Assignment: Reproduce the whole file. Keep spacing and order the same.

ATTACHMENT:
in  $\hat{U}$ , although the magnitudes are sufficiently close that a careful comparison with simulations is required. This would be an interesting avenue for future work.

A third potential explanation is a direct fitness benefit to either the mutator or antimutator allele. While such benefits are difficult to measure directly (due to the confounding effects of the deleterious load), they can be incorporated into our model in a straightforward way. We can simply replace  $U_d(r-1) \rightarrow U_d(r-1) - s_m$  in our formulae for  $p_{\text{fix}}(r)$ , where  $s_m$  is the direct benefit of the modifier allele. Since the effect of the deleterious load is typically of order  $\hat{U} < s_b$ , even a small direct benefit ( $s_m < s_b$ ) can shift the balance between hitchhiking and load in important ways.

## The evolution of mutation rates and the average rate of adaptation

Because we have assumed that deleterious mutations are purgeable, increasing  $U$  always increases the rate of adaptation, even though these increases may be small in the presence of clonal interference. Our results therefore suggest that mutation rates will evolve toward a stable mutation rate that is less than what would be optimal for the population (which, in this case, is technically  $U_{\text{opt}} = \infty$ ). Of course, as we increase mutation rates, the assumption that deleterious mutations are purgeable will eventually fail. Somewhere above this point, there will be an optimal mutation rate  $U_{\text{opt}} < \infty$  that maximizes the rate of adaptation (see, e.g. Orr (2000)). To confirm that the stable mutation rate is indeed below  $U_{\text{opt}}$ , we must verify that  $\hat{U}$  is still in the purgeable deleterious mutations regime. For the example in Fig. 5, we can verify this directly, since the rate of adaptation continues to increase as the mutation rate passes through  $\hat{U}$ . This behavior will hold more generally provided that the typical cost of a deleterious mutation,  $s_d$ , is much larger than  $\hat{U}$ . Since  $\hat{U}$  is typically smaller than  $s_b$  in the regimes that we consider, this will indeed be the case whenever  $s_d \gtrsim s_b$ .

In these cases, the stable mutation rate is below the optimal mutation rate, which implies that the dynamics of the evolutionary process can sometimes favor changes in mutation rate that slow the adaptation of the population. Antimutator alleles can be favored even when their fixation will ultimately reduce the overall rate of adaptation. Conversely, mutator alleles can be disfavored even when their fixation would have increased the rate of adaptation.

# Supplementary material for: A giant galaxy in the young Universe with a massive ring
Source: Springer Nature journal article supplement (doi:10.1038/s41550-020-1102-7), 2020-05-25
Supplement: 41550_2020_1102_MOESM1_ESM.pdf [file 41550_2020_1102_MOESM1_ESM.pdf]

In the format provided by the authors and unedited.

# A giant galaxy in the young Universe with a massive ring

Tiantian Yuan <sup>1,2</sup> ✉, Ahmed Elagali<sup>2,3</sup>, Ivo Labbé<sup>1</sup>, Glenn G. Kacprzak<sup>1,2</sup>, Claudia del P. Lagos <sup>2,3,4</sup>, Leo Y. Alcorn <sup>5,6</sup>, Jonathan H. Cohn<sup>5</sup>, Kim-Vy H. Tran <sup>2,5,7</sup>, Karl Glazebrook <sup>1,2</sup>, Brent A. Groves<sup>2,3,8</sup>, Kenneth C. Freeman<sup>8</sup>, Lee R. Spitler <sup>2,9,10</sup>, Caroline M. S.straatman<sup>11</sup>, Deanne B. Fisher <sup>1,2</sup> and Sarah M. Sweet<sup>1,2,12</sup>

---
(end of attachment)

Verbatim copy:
in  $\hat{U}$ , although the magnitudes are sufficiently close that a careful comparison with simulations is required. This would be an interesting avenue for future work.

A third potential explanation is a direct fitness benefit to either the mutator or antimutator allele. While such benefits are difficult to measure directly (due to the confounding effects of the deleterious load), they can be incorporated into our model in a straightforward way. We can simply replace  $U_d(r-1) \rightarrow U_d(r-1) - s_m$  in our formulae for  $p_{\text{fix}}(r)$ , where  $s_m$  is the direct benefit of the modifier allele. Since the effect of the deleterious load is typically of order  $\hat{U} < s_b$ , even a small direct benefit ( $s_m < s_b$ ) can shift the balance between hitchhiking and load in important ways.

## The evolution of mutation rates and the average rate of adaptation

Because we have assumed that deleterious mutations are purgeable, increasing  $U$  always increases the rate of adaptation, even though these increases may be small in the presence of clonal interference. Our results therefore suggest that mutation rates will evolve toward a stable mutation rate that is less than what would be optimal for the population (which, in this case, is technically  $U_{\text{opt}} = \infty$ ). Of course, as we increase mutation rates, the assumption that deleterious mutations are purgeable will eventually fail. Somewhere above this point, there will be an optimal mutation rate  $U_{\text{opt}} < \infty$  that maximizes the rate of adaptation (see, e.g. Orr (2000)). To confirm that the stable mutation rate is indeed below  $U_{\text{opt}}$ , we must verify that  $\hat{U}$  is still in the purgeable deleterious mutations regime. For the example in Fig. 5, we can verify this directly, since the rate of adaptation continues to increase as the mutation rate passes through  $\hat{U}$ . This behavior will hold more generally provided that the typical cost of a deleterious mutation,  $s_d$ , is much larger than  $\hat{U}$ . Since  $\hat{U}$  is typically smaller than  $s_b$  in the regimes that we consider, this will indeed be the case whenever  $s_d \gtrsim s_b$ .

In these cases, the stable mutation rate is below the optimal mutation rate, which implies that the dynamics of the evolutionary process can sometimes favor changes in mutation rate that slow the adaptation of the population. Antimutator alleles can be favored even when their fixation will ultimately reduce the overall rate of adaptation. Conversely, mutator alleles can be disfavored even when their fixation would have increased the rate of adaptation.

# Supplementary material for: A giant galaxy in the young Universe with a massive ring
Source: Springer Nature journal article supplement (doi:10.1038/s41550-020-1102-7), 2020-05-25
Supplement: 41550_2020_1102_MOESM1_ESM.pdf [file 41550_2020_1102_MOESM1_ESM.pdf]

In the format provided by the authors and unedited.

# A giant galaxy in the young Universe with a massive ring

Tiantian Yuan <sup>1,2</sup> ✉, Ahmed Elagali<sup>2,3</sup>, Ivo Labbé<sup>1</sup>, Glenn G. Kacprzak<sup>1,2</sup>, Claudia del P. Lagos <sup>2,3,4</sup>, Leo Y. Alcorn <sup>5,6</sup>, Jonathan H. Cohn<sup>5</sup>, Kim-Vy H. Tran <sup>2,5,7</sup>, Karl Glazebrook <sup>1,2</sup>, Brent A. Groves<sup>2,3,8</sup>, Kenneth C. Freeman<sup>8</sup>, Lee R. Spitler <sup>2,9,10</sup>, Caroline M. S.straatman<sup>11</sup>, Deanne B. Fisher <sup>1,2</sup> and Sarah M. Sweet<sup>1,2,12</sup>

---